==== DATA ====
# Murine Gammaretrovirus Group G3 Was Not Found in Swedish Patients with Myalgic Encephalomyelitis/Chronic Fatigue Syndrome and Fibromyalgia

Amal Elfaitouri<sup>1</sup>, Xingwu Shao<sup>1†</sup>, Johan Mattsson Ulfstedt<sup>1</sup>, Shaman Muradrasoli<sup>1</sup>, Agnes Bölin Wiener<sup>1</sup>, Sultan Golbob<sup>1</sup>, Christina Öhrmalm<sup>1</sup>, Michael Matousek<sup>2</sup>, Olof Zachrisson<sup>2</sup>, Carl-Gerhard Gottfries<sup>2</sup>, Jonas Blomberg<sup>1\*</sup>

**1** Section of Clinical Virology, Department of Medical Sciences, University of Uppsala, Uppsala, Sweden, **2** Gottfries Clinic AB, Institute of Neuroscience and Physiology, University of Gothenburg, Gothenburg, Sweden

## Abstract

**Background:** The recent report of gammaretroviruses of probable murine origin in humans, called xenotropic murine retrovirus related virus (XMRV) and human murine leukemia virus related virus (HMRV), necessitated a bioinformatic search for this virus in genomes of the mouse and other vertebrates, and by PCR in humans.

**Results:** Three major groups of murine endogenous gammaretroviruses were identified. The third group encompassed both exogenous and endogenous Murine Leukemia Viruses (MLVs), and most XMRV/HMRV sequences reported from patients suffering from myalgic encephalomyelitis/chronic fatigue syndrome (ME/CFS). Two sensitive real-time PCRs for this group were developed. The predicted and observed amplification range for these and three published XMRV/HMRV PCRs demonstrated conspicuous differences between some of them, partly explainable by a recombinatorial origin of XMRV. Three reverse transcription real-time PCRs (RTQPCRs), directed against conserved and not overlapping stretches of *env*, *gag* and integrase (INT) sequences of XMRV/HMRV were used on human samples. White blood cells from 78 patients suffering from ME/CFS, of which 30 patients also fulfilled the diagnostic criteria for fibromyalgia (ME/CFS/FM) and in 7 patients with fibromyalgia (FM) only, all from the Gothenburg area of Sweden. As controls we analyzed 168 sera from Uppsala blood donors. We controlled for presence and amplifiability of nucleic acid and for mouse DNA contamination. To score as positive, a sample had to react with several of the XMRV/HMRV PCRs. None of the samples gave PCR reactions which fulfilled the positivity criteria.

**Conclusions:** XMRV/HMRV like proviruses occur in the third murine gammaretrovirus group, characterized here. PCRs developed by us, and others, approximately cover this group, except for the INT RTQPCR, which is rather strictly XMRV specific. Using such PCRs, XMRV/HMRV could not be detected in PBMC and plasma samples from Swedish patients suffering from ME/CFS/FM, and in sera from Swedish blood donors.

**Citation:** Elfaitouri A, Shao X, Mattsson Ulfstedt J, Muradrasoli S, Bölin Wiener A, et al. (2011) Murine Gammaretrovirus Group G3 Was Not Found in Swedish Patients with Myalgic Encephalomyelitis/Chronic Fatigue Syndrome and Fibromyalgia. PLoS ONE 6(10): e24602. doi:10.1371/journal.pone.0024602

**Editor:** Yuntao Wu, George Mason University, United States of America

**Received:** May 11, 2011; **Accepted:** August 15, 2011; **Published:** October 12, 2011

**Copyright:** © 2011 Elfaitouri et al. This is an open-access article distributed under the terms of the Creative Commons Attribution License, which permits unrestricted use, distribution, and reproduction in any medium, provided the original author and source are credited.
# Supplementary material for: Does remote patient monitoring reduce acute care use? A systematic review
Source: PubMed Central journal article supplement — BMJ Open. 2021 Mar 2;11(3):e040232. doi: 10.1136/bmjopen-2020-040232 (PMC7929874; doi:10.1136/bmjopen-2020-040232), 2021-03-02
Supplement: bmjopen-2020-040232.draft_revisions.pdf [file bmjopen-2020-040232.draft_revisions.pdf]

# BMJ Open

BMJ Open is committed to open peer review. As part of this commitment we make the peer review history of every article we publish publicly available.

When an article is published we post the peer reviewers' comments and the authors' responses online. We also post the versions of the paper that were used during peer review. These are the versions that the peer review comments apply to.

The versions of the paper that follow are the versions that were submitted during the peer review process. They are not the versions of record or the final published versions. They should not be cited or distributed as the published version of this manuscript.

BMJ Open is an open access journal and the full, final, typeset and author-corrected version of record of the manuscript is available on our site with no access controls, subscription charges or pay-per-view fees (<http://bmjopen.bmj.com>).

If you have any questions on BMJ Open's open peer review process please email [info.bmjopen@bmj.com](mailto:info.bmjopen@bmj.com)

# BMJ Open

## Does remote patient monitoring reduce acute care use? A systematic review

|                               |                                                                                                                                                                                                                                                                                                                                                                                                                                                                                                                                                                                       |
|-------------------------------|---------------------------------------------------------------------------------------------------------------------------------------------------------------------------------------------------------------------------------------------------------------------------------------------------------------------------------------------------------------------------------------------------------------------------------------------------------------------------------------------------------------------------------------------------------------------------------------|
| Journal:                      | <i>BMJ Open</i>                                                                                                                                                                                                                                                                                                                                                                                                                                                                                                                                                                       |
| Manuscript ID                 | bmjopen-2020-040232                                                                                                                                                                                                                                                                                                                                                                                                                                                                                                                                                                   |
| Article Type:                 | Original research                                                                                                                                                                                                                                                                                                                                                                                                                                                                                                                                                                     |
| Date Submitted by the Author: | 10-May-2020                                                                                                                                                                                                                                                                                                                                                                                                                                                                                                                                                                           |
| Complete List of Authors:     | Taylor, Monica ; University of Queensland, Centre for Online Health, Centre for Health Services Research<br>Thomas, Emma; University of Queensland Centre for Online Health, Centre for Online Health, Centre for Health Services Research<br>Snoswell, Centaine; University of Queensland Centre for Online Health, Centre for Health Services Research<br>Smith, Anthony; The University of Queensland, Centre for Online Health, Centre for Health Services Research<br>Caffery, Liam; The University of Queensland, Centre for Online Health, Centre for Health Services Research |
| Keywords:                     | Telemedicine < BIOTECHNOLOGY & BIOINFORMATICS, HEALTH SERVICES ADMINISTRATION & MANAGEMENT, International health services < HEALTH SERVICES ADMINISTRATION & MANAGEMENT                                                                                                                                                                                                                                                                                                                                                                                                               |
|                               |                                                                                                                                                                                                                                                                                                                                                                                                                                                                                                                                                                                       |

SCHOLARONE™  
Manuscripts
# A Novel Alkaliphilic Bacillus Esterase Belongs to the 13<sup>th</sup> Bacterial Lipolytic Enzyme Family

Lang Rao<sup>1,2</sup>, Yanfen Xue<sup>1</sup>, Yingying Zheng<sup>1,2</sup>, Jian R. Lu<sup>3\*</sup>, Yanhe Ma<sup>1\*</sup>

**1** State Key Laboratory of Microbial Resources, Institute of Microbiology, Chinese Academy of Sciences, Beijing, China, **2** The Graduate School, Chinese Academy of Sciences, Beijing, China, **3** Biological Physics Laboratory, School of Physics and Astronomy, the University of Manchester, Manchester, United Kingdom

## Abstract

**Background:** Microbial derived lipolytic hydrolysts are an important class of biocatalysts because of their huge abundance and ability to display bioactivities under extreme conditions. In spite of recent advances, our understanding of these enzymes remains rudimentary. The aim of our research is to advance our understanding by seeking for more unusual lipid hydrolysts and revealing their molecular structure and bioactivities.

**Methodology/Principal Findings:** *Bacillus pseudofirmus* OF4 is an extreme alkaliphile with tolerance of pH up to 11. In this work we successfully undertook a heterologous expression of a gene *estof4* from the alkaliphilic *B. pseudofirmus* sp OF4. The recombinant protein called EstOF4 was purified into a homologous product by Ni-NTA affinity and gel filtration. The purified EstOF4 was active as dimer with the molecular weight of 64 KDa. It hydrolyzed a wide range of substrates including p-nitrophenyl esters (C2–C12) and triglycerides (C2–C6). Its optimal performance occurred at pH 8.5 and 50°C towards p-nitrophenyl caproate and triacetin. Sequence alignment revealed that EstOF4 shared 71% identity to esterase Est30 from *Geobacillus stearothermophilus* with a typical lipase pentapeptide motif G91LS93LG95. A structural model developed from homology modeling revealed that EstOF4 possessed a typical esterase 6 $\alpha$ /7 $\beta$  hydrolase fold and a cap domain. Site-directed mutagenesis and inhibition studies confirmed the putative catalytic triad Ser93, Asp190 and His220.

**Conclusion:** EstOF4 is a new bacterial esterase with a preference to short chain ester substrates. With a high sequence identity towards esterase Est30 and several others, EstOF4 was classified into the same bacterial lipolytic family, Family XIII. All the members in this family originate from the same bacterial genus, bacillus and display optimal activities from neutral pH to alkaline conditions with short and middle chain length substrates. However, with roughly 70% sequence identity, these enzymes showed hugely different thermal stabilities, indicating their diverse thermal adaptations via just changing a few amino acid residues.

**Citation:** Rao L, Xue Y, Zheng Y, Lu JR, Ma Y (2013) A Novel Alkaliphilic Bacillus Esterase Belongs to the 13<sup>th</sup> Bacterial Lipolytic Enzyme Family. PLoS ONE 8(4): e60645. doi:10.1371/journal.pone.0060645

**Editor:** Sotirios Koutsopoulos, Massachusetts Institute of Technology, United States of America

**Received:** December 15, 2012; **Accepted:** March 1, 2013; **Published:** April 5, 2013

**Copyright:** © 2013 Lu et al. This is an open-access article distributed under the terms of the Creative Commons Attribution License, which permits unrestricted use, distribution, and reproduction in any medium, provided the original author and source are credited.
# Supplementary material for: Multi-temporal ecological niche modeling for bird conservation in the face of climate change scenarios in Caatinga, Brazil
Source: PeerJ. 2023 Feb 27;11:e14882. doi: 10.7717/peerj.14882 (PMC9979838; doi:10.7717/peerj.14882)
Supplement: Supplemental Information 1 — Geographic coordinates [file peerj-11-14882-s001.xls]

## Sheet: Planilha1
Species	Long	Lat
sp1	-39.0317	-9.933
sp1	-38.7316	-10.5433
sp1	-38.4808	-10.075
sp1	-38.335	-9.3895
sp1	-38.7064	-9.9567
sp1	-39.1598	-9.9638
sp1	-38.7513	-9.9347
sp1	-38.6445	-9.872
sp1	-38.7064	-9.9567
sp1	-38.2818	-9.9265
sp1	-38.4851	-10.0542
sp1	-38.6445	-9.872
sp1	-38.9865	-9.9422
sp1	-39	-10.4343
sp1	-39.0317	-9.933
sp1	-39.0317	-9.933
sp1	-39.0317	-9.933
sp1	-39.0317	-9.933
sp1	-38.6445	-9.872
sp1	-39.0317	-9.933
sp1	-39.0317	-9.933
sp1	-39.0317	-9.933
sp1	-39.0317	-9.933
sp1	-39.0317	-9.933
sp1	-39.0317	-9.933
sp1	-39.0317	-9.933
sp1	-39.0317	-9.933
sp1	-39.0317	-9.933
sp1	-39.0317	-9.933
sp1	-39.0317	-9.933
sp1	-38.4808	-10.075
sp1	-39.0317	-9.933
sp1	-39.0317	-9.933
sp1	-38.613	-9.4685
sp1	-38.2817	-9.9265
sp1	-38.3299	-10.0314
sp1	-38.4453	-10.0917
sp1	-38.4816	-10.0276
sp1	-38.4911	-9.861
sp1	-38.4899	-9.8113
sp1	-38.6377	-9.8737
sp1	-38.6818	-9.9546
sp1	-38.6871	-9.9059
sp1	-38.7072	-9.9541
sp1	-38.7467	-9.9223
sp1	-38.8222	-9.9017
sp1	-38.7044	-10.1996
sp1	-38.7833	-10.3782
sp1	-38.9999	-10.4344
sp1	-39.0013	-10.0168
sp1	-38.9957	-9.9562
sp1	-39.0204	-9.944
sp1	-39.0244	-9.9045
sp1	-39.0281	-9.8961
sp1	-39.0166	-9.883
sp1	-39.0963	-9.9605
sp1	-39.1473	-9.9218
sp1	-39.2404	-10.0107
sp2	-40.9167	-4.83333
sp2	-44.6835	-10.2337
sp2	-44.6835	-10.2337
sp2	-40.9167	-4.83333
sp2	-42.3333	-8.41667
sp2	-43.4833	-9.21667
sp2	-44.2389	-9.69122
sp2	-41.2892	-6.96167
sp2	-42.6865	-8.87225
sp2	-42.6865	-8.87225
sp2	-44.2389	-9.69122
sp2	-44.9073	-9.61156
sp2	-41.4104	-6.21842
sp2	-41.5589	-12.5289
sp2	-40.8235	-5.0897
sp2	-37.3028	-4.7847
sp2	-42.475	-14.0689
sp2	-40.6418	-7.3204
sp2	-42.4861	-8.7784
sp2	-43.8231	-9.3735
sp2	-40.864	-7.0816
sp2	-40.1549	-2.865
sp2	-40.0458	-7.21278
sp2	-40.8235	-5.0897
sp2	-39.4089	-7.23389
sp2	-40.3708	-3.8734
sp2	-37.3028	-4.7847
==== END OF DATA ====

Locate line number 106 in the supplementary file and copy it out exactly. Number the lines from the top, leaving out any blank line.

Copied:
sp1	-39.1473	-9.9218